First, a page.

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Engineer Working to Escape the Mediocracy Through Entrepreneurship


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Jan 13, 2018
Jacksonville, North Carolina
Hello! I’m new to the Fastlane Forum community and would like to introduce myself. I’m currently working for the federal government as an aerospace engineer, and am looking to take the plunge into entrepreneurship.

I graduated from the Air Force Academy in 2015 with a B.S. in aeronautical engineering. My childhood dream was to go to the Academy and become an Air Force officer and fighter pilot.

Everything was going well until a serious medical condition arose the summer before my senior year. I was hospitalized with multiple blood clots on both sides of my lungs and a clot in my right leg. I continued having clotting episodes for several months until a high dose of anticoagulants was able to bring it under control. My dream of being a pilot was immediately dashed, but I held on to hope that I could still serve in the Air Force as an engineer.

I was notified the day before graduation that I needed to complete a full medical evaluation board to determine if I was fit to commission. This lengthy bureaucratic process takes at least 295 days. Faced with a fifth year of living in the dorms, I needed to find a better option.

Second Lieutenant Kruse had orders to report to the Air Force Institute of Technology (AFIT) to get a masters in aeronautical engineering. Unfortunately for me, he didn’t exist. While I was able to graduate on time, I remained a cadet and didn’t commission as an officer. I spoke with my professors who graciously reached out to AFIT on my behalf. The colonels and their lawyers looked into the situation and agreed that if I could work out the logistics I could enroll in the master’s program as cadet.

I received permission from the three-star general at the Academy to go on a leave-without-pay status. My parents were kind enough to support me financially while I attended AFIT. Twelve months into the 18-month program, my medical board was finalized. After appealing to the formal board, I was medically retired in September 2016.

Since I was separated from the Air Force, I no longer met the eligibility requirements to attend AFIT. In order to regain my eligibility, and in part to repay a self-perceived debt for my education, I accepted the first government engineering job offer that came my way. I moved 650 miles from school to North Carolina with the intention of finishing my master’s thesis by correspondence.

Before I left, I spoke with my thesis advisor about my plans. He congratulated me on my job offer and I remember him telling me, “The purpose of education is to get employment, and if you got employment…” Those words and that sentiment stuck with me.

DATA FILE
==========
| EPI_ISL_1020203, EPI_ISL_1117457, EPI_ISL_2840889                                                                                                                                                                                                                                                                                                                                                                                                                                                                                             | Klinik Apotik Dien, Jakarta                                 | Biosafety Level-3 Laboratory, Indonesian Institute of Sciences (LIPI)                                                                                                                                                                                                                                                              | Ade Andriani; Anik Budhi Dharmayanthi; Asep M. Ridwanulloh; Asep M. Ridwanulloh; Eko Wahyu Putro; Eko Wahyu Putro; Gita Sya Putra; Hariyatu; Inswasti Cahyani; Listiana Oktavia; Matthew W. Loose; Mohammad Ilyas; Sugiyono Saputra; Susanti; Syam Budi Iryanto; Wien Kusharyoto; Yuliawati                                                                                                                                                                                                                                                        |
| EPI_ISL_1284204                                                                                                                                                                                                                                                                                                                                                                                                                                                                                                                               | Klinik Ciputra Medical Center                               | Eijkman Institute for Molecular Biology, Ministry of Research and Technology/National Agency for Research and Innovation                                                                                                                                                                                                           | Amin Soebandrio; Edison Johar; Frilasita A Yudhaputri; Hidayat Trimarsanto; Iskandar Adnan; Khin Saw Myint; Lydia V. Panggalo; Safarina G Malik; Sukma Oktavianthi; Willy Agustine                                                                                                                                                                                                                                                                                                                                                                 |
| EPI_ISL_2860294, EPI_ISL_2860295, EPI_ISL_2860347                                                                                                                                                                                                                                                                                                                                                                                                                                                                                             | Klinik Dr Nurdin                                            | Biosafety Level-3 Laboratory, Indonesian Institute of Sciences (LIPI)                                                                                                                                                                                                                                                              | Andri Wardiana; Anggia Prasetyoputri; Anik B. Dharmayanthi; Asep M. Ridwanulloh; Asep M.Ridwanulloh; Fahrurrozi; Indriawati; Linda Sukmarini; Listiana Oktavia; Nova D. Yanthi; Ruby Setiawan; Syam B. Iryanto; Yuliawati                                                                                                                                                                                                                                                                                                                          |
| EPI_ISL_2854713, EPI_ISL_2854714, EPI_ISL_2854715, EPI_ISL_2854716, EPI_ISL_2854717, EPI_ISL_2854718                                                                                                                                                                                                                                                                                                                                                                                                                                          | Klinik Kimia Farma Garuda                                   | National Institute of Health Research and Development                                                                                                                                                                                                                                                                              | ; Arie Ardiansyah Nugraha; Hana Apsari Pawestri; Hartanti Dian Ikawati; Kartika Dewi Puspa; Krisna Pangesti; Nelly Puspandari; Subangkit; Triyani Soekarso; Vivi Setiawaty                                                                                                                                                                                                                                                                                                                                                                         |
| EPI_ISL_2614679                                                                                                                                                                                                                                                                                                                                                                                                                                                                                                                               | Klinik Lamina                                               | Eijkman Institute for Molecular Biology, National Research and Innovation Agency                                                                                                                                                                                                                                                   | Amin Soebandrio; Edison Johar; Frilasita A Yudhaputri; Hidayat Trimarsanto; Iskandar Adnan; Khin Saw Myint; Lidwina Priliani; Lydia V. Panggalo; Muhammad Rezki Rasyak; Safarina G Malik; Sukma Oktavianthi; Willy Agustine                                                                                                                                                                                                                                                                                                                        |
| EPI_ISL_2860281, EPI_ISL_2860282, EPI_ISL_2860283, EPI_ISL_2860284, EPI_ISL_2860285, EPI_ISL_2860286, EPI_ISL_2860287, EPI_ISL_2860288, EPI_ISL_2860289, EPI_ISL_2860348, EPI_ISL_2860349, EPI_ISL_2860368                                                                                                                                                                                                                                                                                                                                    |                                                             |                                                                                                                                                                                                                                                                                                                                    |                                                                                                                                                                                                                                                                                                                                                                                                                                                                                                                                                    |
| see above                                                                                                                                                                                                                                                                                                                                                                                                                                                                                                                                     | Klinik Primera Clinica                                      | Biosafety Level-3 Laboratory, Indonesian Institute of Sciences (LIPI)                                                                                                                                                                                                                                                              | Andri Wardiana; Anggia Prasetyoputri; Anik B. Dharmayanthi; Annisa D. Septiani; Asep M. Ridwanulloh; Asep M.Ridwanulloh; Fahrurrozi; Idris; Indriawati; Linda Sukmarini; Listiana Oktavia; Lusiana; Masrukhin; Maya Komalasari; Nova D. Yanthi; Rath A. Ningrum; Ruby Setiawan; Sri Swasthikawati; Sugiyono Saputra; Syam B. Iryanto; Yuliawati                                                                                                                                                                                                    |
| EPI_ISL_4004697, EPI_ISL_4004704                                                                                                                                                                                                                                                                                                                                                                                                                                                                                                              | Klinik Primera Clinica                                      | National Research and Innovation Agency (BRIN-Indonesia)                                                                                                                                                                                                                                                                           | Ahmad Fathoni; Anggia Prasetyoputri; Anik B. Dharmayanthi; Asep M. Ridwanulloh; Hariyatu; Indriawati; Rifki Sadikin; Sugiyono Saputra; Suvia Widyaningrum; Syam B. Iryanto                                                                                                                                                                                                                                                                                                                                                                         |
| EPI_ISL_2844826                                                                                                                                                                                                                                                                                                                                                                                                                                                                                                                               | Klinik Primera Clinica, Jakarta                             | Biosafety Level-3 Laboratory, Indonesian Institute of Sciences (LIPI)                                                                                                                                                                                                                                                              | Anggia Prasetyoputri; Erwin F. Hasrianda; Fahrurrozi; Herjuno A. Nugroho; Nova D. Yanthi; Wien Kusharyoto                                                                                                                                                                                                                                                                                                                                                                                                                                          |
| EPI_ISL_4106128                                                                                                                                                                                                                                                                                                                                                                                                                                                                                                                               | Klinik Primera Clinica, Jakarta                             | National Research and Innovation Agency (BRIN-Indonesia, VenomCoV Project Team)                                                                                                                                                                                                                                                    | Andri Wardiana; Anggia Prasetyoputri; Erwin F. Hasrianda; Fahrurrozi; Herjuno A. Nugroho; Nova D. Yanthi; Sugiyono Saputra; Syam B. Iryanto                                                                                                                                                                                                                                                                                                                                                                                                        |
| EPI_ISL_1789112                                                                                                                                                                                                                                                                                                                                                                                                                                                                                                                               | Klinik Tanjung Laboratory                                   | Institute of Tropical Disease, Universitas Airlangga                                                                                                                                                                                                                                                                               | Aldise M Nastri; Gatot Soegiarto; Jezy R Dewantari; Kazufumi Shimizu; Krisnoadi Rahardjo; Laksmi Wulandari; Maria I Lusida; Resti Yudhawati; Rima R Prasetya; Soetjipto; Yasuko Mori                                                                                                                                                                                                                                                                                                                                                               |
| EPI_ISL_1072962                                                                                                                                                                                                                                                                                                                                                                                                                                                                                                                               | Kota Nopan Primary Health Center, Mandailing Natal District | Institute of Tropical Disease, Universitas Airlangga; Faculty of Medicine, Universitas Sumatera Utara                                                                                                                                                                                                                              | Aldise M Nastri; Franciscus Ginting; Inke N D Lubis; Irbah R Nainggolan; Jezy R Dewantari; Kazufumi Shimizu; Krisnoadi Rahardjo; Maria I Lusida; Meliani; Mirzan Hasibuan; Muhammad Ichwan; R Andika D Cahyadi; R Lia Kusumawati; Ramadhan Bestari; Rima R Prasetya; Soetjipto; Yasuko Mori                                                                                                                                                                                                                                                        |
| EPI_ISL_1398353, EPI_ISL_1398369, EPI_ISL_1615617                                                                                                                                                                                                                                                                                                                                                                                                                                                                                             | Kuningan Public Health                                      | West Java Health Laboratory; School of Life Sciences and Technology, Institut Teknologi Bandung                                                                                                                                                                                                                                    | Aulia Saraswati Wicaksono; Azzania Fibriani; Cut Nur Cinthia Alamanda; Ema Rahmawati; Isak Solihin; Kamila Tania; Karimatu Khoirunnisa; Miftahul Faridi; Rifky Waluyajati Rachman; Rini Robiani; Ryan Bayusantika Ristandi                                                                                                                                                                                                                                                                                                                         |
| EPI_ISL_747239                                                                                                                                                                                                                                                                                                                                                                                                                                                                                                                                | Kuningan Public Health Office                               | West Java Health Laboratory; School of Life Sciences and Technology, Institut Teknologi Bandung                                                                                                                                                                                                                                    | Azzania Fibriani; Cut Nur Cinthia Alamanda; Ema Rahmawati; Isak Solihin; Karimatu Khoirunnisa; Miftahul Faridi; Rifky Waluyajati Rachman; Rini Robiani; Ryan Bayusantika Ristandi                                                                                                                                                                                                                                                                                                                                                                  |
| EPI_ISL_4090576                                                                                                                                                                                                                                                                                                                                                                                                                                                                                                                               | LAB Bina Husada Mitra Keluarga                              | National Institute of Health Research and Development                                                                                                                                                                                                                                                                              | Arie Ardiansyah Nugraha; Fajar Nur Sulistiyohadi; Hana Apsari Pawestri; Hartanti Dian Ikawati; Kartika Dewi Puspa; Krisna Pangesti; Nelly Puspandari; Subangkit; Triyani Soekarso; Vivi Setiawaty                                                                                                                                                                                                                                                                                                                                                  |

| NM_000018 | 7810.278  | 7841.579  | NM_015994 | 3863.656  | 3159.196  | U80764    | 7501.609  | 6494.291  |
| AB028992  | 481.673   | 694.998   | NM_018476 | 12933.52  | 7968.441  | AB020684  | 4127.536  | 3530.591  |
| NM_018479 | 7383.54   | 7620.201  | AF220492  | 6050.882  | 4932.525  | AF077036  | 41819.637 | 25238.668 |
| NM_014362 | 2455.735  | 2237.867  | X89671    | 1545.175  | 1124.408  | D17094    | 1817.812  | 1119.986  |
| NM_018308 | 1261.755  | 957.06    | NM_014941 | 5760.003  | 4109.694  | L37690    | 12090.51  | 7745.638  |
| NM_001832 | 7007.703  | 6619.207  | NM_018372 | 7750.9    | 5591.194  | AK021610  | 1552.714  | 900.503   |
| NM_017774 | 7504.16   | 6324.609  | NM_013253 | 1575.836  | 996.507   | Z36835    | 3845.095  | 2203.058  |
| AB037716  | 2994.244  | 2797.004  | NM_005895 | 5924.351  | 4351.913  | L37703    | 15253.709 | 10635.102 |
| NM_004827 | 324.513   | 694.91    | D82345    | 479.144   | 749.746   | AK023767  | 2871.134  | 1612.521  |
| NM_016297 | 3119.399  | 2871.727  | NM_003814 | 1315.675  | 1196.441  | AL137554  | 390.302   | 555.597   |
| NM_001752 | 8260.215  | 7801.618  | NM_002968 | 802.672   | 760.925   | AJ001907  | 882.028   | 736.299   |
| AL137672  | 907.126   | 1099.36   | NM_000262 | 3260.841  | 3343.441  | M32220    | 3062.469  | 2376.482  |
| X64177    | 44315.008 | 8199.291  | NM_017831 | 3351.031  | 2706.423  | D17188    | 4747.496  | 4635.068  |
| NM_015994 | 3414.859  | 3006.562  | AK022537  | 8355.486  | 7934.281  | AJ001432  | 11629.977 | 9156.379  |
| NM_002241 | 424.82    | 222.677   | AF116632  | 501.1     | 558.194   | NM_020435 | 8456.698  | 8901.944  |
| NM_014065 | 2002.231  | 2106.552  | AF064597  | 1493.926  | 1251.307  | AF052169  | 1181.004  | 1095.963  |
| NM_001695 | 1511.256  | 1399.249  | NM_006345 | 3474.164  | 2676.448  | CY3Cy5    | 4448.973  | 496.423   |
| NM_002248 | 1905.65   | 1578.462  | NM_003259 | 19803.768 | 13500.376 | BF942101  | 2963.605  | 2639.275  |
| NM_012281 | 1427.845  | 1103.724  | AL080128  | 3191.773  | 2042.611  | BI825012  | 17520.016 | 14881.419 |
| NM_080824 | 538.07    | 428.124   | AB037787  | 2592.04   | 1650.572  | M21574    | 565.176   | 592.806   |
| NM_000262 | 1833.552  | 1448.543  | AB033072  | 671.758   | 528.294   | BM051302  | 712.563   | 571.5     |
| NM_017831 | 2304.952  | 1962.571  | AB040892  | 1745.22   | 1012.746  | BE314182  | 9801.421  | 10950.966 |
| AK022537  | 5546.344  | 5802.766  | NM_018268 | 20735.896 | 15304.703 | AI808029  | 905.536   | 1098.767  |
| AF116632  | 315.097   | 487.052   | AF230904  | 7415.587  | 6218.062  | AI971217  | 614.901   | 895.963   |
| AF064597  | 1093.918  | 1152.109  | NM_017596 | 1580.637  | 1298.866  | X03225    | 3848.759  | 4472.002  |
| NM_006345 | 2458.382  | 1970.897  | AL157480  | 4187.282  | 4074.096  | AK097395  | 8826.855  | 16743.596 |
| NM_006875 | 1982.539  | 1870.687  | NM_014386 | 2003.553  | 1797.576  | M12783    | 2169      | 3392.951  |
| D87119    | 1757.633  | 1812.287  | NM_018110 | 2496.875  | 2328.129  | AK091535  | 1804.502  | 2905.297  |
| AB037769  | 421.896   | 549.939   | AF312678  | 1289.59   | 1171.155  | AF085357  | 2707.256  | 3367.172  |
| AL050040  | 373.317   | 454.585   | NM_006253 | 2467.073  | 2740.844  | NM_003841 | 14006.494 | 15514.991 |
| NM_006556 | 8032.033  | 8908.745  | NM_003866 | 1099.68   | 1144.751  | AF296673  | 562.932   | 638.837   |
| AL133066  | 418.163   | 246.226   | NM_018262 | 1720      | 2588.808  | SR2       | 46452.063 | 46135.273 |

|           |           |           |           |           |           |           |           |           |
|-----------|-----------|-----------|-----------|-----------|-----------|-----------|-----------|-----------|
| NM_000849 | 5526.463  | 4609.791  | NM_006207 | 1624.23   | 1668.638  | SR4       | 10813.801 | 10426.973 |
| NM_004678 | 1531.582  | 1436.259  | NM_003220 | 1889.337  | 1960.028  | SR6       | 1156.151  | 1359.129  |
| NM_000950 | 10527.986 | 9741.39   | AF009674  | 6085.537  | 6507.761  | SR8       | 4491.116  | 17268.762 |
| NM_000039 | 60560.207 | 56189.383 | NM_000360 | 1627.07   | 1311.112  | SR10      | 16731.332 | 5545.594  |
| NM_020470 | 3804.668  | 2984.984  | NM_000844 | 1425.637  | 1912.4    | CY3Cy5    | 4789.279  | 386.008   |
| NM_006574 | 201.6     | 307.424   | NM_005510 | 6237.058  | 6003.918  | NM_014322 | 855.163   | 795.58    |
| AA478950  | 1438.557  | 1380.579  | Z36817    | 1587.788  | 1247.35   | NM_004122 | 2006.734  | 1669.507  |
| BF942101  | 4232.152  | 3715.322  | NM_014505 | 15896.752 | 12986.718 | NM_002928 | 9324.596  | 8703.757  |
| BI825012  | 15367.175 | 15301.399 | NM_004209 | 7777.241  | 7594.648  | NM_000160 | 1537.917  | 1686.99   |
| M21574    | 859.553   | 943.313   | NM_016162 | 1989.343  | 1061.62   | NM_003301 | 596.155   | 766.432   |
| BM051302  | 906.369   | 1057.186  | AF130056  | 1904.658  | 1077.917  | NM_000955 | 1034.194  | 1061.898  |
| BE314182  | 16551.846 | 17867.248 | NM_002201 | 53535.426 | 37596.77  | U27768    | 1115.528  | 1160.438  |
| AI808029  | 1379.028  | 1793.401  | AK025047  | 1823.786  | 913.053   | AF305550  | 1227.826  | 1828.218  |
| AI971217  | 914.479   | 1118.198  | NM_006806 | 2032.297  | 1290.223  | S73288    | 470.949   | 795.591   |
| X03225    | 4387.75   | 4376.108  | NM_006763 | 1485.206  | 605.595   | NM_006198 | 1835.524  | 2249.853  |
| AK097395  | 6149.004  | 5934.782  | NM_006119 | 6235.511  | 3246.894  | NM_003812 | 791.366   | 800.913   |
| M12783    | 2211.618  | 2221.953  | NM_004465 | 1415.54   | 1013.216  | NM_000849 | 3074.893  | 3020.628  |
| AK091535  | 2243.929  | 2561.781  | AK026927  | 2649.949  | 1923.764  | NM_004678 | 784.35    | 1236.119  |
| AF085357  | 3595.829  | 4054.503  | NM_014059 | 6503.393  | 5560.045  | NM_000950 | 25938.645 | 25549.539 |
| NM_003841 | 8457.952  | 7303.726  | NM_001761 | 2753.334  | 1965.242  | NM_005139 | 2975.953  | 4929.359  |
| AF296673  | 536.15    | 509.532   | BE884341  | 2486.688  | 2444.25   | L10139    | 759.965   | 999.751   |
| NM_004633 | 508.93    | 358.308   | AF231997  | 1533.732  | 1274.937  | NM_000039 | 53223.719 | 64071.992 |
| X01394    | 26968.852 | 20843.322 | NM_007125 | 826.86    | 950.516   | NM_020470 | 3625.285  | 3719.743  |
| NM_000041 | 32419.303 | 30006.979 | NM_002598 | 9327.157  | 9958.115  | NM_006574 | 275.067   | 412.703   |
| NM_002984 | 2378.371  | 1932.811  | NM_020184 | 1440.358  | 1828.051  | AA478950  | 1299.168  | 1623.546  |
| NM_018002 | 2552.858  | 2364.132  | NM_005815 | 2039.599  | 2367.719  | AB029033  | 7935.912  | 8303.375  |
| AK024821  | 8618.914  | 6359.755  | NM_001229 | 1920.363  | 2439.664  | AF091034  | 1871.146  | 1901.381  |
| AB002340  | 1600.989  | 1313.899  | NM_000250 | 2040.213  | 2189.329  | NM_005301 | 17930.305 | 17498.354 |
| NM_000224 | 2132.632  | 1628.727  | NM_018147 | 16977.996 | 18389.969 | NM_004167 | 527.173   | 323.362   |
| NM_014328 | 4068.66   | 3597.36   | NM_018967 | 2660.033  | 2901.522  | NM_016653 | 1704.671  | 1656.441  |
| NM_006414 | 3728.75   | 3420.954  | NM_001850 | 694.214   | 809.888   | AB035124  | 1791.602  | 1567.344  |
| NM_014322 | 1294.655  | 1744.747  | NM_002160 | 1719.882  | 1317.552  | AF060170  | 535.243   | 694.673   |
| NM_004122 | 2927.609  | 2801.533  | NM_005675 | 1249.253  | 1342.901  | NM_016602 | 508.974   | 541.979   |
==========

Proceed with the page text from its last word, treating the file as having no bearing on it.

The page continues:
At first, I was excited about my new job. I got to work on real-life helicopters and I felt like I was providing value to the warfighter. My work was well-respected by my peers and senior engineers. So much so that after five months my supervisor thought my attention to detail would be especially useful on a different program. An assignment that nearly all the other engineers avoided.

Due to my sense of “service before self” from the Academy, I told my supervisor that if the organization needed me there, I would accept the transfer.

For the past 10 months I have been doing nothing but writing maintenance manual tasks for the new presidential helicopter. The work is mind-numbingly boring. There are so many inefficiencies and nobody is willing to make improvements. The helicopter is still being designed and modified, we can’t actually see or touch an aircraft, and we are constantly fighting the contractor for technical data. On top of that, I have lost the sense of feeling like I was assisting the warfighter. Now I just feel like I am working on an overpriced replacement for a motorcade.

I spent about five months doing nothing but writing instructions on how to remove and install hydraulic tubes. Every day the higher-ups changed their guidance on how these tasks should be written. My suggestions were usually ignored. After going back and forth, a specific format was finally decided upon. With my suggestions disregarded, I asked my senior engineer for some crayons because I felt like a child being told to “shut up and color”. And that’s basically what I did. I put my headphones on to block out the distractions and just did the work. I often worked extra hours, sometimes even working 8-hour days on the weekends. My tasks were approved on schedule with minimal changes from the senior engineers.